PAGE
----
When 15-year-old Jessica Vargas from Cali, Colombia, started getting headaches two years ago, a brain scan told her family something they never wanted or expected to hear: Jessica had a large, complicated congenital aneurysm – a bulging blood vessel in her brain – on an artery that’s difficult to access and impossible to treat.
Traditional invasive surgery would almost certainly be fatal, but not treating the aneurysm would be nearly as risky.
The aneurysm could burst at any moment, leaving Jessica dead, blind or without the ability to taste or walk. Jessica was young and otherwise healthy, so doctors decided not to operate, monitoring it closely and hoping it would improve on its own.
There are almost 500,000 deaths each year caused by brain aneurysms globally. Half of the victims are younger than 50. Ruptured brain aneurysms are fatal in about 40% of cases, but of those who survive, about 66% suffer some permanent neurological deficit.
As they monitored the aneurysm, Jessica’s symptoms became more severe. She had difficulty swallowing and found it challenging to eat as she would consistently drop her silverware. “I couldn’t hold things, and I felt I couldn’t swallow well,” Jessica says. “I realized something was wrong with me.”
When she had trouble walking, her family rushed her to the ER where a neurologist told Katherine Vargas, Jessica’s mom, there was nothing they could do.
“The doctor bent her head, looked at me and said, ‘The girl will lose her sight, her mobility and she will become bedridden until the mass bursts, since it is unavoidable’,” says Katherine.
The only alternative was a high-risk surgery. That’s when the medical team contacted Dr. Jorge Holguin, an Interventional Radiologist at Clínica Nuestra, a healthcare partner of Corazón y Aorta in Cali, Colombia.
Corazón y Aorta specializes in cardiovascular surgery. They recently acquired an OEC 9900 mobile C-arm from GE Healthcare to perform diagnostic and interventional applications. Dr. Holguin knew he had the expertise and the tools to perform the surgery that could save Jessica’s life.
“The equipment is enough to perform endovascular treatment and treat Jessica’s congenital disease, which otherwise wouldn’t have a good outcome,” says Dr. Luis Felipe Medina, head of the surgical team and scientific director at Corazón y Aorta in Colombia.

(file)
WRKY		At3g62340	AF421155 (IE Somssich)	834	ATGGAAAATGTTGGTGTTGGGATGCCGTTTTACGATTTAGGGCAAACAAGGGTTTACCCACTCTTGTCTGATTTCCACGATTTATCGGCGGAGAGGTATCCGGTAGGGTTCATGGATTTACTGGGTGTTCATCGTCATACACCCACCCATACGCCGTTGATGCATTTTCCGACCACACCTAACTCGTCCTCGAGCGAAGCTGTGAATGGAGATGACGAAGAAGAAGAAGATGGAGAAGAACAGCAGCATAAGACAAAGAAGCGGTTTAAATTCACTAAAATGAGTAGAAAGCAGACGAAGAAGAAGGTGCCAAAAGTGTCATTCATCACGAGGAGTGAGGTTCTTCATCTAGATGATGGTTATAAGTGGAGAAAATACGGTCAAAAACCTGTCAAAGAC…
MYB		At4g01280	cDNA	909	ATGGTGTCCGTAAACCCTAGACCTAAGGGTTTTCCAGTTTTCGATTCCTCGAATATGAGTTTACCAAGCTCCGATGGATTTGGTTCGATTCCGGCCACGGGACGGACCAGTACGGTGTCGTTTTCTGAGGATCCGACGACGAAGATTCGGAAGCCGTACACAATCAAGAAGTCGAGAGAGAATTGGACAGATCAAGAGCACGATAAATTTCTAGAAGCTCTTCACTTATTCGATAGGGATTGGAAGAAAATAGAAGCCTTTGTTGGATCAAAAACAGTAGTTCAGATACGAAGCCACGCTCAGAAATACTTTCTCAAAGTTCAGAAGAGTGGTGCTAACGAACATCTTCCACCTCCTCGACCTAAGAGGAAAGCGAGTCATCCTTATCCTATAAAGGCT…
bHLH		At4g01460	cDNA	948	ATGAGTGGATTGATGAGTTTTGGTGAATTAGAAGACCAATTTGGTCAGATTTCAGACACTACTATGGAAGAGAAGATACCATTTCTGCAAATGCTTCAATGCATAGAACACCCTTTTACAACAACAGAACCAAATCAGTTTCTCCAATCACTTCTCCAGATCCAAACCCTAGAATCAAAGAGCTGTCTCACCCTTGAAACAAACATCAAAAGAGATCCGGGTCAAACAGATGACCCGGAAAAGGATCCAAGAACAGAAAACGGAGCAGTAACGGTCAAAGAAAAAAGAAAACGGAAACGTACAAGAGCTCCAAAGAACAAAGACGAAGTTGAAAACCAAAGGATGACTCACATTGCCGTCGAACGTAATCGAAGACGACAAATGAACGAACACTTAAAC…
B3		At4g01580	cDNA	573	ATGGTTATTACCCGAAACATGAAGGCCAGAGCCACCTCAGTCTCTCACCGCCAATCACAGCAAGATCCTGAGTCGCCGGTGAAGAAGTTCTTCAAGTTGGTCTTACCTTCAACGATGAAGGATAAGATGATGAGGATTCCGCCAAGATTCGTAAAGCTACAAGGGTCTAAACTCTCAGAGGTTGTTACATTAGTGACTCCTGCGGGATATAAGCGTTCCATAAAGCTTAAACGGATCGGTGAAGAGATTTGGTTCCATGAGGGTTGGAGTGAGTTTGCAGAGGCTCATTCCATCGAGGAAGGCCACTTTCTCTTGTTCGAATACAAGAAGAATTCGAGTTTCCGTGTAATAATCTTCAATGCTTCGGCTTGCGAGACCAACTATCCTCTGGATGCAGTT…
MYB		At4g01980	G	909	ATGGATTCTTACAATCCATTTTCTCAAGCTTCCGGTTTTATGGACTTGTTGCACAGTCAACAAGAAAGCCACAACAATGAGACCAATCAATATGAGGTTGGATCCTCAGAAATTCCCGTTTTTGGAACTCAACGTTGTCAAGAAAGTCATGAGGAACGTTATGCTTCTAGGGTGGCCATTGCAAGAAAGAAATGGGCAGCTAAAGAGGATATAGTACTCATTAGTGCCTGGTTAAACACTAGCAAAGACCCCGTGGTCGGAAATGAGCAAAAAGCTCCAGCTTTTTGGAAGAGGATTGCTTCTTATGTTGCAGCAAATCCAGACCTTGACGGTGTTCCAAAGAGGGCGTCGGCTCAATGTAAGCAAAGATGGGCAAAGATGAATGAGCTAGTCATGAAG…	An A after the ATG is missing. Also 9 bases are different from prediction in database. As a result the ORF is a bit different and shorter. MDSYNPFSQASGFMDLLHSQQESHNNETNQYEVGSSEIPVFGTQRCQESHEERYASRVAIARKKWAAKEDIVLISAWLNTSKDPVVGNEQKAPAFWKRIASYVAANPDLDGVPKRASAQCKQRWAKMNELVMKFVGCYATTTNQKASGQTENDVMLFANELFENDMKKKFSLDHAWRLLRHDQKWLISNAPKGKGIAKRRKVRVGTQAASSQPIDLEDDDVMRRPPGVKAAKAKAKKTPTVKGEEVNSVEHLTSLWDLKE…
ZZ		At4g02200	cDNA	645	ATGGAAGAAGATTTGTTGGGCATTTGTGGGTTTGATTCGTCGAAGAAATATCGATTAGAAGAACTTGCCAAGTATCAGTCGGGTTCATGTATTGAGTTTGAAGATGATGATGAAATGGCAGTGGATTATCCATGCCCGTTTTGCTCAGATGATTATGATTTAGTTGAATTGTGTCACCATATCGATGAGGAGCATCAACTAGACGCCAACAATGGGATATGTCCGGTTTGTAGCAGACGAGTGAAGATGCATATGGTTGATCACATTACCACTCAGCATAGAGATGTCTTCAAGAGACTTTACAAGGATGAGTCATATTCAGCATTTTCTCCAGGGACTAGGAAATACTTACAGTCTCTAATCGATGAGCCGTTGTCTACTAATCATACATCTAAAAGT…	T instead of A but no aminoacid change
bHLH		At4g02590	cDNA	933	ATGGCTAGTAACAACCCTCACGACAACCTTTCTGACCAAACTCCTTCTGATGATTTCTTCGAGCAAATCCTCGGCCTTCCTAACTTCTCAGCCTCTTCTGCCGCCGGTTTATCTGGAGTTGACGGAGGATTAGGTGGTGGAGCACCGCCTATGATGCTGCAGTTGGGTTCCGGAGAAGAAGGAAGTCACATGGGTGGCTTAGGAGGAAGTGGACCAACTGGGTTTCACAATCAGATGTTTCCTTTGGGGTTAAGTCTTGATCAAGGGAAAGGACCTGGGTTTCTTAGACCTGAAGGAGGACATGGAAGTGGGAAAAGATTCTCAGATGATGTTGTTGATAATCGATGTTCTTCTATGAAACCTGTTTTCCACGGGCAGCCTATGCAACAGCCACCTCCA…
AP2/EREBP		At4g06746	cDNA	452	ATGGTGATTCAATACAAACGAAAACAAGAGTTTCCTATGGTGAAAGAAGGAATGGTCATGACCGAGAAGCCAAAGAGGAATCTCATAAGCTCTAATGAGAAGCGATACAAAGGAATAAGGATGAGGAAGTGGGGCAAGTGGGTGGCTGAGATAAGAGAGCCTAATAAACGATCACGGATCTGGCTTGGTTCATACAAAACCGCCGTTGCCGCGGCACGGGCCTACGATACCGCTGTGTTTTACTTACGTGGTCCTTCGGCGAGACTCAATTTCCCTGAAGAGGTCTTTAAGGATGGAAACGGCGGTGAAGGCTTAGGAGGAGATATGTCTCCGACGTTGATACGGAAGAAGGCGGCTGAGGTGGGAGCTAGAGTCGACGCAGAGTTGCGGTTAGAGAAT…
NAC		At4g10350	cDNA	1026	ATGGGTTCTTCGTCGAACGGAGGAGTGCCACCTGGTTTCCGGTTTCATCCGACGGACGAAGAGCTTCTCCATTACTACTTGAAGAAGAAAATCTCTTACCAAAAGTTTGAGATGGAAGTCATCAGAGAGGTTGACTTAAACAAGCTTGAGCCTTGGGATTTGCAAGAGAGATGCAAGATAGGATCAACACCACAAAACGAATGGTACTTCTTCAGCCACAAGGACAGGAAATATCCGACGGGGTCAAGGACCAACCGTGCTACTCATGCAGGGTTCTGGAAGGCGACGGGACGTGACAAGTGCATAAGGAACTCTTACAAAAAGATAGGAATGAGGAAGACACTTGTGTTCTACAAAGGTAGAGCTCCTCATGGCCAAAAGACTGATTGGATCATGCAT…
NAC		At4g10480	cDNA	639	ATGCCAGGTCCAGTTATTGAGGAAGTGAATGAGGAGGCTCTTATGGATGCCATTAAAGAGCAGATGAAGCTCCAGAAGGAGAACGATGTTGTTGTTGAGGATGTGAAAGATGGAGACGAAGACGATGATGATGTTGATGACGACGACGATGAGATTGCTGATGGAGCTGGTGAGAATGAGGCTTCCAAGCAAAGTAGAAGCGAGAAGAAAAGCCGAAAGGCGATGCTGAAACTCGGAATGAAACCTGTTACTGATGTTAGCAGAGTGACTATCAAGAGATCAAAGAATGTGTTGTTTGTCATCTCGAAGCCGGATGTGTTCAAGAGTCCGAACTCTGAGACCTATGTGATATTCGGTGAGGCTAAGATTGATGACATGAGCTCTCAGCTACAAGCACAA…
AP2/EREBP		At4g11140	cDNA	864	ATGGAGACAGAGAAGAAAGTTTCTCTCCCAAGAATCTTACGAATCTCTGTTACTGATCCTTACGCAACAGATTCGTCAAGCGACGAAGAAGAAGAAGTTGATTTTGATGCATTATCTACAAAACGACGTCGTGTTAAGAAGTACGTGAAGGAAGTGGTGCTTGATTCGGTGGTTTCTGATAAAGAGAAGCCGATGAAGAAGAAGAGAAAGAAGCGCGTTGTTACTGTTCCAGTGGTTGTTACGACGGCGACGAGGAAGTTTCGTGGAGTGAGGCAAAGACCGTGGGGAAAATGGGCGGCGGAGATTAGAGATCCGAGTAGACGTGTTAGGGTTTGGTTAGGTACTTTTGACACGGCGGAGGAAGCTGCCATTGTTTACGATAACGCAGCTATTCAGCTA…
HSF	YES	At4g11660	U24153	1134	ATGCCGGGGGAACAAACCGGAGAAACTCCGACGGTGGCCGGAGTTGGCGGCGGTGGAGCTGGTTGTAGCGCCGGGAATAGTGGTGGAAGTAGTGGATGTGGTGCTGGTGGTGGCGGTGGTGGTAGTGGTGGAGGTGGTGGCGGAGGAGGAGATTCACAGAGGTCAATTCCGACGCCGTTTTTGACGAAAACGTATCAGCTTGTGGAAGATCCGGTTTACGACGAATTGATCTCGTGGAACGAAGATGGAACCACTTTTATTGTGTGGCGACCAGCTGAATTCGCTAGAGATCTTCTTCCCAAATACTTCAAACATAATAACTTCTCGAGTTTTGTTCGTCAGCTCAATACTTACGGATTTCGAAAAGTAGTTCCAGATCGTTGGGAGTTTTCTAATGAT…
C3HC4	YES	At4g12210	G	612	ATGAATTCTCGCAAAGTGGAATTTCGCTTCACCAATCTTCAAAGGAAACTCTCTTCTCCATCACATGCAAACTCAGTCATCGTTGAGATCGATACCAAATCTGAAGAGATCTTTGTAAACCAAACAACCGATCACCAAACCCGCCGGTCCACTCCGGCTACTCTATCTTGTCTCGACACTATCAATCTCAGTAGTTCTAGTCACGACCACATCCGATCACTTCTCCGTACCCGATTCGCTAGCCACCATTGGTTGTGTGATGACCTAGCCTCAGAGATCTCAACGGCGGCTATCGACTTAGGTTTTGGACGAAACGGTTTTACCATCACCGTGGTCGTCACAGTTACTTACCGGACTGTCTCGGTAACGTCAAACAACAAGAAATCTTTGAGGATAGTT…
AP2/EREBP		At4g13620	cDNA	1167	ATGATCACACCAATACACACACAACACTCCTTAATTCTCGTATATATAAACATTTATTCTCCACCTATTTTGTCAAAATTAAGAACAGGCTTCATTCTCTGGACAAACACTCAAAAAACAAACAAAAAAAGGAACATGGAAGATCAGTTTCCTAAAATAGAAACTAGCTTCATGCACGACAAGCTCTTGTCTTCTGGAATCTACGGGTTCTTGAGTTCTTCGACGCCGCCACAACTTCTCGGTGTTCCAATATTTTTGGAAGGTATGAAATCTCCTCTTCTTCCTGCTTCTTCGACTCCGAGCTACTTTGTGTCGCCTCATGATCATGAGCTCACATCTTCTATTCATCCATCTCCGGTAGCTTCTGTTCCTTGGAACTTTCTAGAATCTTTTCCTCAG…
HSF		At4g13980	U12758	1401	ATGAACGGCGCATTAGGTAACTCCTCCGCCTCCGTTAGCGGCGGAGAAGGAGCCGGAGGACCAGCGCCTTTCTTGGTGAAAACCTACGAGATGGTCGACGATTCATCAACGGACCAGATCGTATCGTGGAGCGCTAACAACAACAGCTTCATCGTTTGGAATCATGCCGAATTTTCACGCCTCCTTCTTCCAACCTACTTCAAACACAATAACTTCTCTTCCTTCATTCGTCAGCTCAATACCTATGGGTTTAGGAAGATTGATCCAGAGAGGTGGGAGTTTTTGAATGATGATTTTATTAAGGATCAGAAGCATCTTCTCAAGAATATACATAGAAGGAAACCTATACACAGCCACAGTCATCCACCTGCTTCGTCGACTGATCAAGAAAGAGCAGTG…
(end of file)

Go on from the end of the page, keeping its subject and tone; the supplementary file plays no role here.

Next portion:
The OEC 9900 has special software to amplify images of the aneurysm so doctors can use a catheter to prevent the aneurysm from bursting, a minimally invasive surgery with high success rates.
The procedure involves placing a catheter through the groin into the artery containing the aneurysm. Platinum coils are released, which causes the aneurysm to clot, preventing more blood from filling the aneurysm. The equipment also ensures minimum radiation dose, a key consideration for a smaller, younger patient like Jessica.
“The doctors were very realistic,” Katherine says. “They told me it was a hard procedure but they were going to try, as Jessica was young and deserves to live.”
The surgery was a success. Jessica regained all of her senses, and it took her less than a month to walk again. Today, Jessica is fully healed and living without restrictions.
“Jessica’s story is a lucky one,” says Dr. Medina. “Any surgically invasive treatment was impossible for her.”
Dr. Medina continues to use the OEC 9800 and 9900 for several patients at Corazón y Aorta, including those with complex pathologies such as aneurysms and thoracic aorta dissections that need immediate attention. Seeing the success of these procedures, the medical board is providing similar equipment and services in facilities across Cali to complement cardiovascular surgery. Indeed, clinicians throughout Cali are performing new types of minimally invasive interventions, allowing patients to recover more quickly than ever before.
Jessica has also been inspired by her medical team. “I want to study neurology and be an example for those who have similar health issues,” she says. “Trust the doctors. They want to do what´s best for us, to help us and save lives.”